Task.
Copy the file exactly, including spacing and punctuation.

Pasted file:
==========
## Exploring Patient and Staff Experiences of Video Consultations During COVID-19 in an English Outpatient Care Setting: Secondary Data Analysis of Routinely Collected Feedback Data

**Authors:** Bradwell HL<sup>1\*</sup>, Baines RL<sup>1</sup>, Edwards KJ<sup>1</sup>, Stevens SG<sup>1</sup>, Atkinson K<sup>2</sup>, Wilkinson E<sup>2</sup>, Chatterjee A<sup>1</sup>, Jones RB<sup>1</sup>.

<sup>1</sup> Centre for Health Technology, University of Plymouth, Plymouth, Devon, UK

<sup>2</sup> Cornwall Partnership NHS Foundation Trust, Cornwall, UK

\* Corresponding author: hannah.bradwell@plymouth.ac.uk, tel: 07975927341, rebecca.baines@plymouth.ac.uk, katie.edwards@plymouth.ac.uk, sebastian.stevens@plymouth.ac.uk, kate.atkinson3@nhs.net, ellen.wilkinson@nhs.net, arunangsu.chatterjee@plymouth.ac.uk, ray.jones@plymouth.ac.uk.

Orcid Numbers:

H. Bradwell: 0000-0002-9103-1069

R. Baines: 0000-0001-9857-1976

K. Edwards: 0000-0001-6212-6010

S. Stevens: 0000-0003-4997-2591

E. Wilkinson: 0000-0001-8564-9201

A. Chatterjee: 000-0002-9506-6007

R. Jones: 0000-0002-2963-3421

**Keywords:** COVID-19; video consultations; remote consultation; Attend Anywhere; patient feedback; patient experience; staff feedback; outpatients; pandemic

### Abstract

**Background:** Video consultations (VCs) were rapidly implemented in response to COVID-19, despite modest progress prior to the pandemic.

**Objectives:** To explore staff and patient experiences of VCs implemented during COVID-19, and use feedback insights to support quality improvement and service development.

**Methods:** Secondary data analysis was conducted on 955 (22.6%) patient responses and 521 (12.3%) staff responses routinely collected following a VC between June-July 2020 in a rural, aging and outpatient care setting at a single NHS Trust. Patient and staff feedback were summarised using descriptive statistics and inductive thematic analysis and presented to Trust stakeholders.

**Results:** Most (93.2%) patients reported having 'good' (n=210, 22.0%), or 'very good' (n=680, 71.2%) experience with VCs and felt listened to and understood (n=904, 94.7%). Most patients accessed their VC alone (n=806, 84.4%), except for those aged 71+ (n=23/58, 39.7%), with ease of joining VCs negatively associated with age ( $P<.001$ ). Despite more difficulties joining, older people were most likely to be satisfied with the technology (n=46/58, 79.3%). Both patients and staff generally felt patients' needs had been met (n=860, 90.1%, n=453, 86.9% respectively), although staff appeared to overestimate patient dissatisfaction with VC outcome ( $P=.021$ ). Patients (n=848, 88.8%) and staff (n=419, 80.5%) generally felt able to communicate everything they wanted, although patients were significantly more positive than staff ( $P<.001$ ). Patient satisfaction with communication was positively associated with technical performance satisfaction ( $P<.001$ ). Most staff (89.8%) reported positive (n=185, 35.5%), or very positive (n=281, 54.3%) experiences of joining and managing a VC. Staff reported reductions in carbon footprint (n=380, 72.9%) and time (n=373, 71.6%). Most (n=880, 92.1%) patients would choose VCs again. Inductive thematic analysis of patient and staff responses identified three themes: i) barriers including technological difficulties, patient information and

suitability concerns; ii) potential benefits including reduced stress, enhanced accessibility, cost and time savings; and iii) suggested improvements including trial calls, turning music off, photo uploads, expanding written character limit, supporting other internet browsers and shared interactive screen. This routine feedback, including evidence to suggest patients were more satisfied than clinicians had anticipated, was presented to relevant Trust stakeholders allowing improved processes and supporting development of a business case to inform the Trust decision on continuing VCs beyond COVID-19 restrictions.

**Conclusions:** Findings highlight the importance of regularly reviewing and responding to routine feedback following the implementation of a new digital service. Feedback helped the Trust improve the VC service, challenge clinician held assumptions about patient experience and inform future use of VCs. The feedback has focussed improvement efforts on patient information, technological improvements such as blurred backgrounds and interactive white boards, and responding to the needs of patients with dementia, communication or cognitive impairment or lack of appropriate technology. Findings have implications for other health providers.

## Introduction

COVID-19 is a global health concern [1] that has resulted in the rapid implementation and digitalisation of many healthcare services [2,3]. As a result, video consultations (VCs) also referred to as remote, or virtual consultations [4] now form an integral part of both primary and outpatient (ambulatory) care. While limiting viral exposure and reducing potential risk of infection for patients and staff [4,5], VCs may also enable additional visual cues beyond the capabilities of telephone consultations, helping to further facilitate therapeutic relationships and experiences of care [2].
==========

## Exploring Patient and Staff Experiences of Video Consultations During COVID-19 in an English Outpatient Care Setting: Secondary Data Analysis of Routinely Collected Feedback Data

**Authors:** Bradwell HL<sup>1\*</sup>, Baines RL<sup>1</sup>, Edwards KJ<sup>1</sup>, Stevens SG<sup>1</sup>, Atkinson K<sup>2</sup>, Wilkinson E<sup>2</sup>, Chatterjee A<sup>1</sup>, Jones RB<sup>1</sup>.

<sup>1</sup> Centre for Health Technology, University of Plymouth, Plymouth, Devon, UK

<sup>2</sup> Cornwall Partnership NHS Foundation Trust, Cornwall, UK

\* Corresponding author: hannah.bradwell@plymouth.ac.uk, tel: 07975927341, rebecca.baines@plymouth.ac.uk, katie.edwards@plymouth.ac.uk, sebastian.stevens@plymouth.ac.uk, kate.atkinson3@nhs.net, ellen.wilkinson@nhs.net, arunangsu.chatterjee@plymouth.ac.uk, ray.jones@plymouth.ac.uk.

Orcid Numbers:

H. Bradwell: 0000-0002-9103-1069

R. Baines: 0000-0001-9857-1976

K. Edwards: 0000-0001-6212-6010

S. Stevens: 0000-0003-4997-2591

E. Wilkinson: 0000-0001-8564-9201

A. Chatterjee: 000-0002-9506-6007

R. Jones: 0000-0002-2963-3421

**Keywords:** COVID-19; video consultations; remote consultation; Attend Anywhere; patient feedback; patient experience; staff feedback; outpatients; pandemic

### Abstract

**Background:** Video consultations (VCs) were rapidly implemented in response to COVID-19, despite modest progress prior to the pandemic.

**Objectives:** To explore staff and patient experiences of VCs implemented during COVID-19, and use feedback insights to support quality improvement and service development.

**Methods:** Secondary data analysis was conducted on 955 (22.6%) patient responses and 521 (12.3%) staff responses routinely collected following a VC between June-July 2020 in a rural, aging and outpatient care setting at a single NHS Trust. Patient and staff feedback were summarised using descriptive statistics and inductive thematic analysis and presented to Trust stakeholders.

**Results:** Most (93.2%) patients reported having 'good' (n=210, 22.0%), or 'very good' (n=680, 71.2%) experience with VCs and felt listened to and understood (n=904, 94.7%). Most patients accessed their VC alone (n=806, 84.4%), except for those aged 71+ (n=23/58, 39.7%), with ease of joining VCs negatively associated with age ( $P<.001$ ). Despite more difficulties joining, older people were most likely to be satisfied with the technology (n=46/58, 79.3%). Both patients and staff generally felt patients' needs had been met (n=860, 90.1%, n=453, 86.9% respectively), although staff appeared to overestimate patient dissatisfaction with VC outcome ( $P=.021$ ). Patients (n=848, 88.8%) and staff (n=419, 80.5%) generally felt able to communicate everything they wanted, although patients were significantly more positive than staff ( $P<.001$ ). Patient satisfaction with communication was positively associated with technical performance satisfaction ( $P<.001$ ). Most staff (89.8%) reported positive (n=185, 35.5%), or very positive (n=281, 54.3%) experiences of joining and managing a VC. Staff reported reductions in carbon footprint (n=380, 72.9%) and time (n=373, 71.6%). Most (n=880, 92.1%) patients would choose VCs again. Inductive thematic analysis of patient and staff responses identified three themes: i) barriers including technological difficulties, patient information and

suitability concerns; ii) potential benefits including reduced stress, enhanced accessibility, cost and time savings; and iii) suggested improvements including trial calls, turning music off, photo uploads, expanding written character limit, supporting other internet browsers and shared interactive screen. This routine feedback, including evidence to suggest patients were more satisfied than clinicians had anticipated, was presented to relevant Trust stakeholders allowing improved processes and supporting development of a business case to inform the Trust decision on continuing VCs beyond COVID-19 restrictions.

**Conclusions:** Findings highlight the importance of regularly reviewing and responding to routine feedback following the implementation of a new digital service. Feedback helped the Trust improve the VC service, challenge clinician held assumptions about patient experience and inform future use of VCs. The feedback has focussed improvement efforts on patient information, technological improvements such as blurred backgrounds and interactive white boards, and responding to the needs of patients with dementia, communication or cognitive impairment or lack of appropriate technology. Findings have implications for other health providers.

## Introduction

COVID-19 is a global health concern [1] that has resulted in the rapid implementation and digitalisation of many healthcare services [2,3]. As a result, video consultations (VCs) also referred to as remote, or virtual consultations [4] now form an integral part of both primary and outpatient (ambulatory) care. While limiting viral exposure and reducing potential risk of infection for patients and staff [4,5], VCs may also enable additional visual cues beyond the capabilities of telephone consultations, helping to further facilitate therapeutic relationships and experiences of care [2].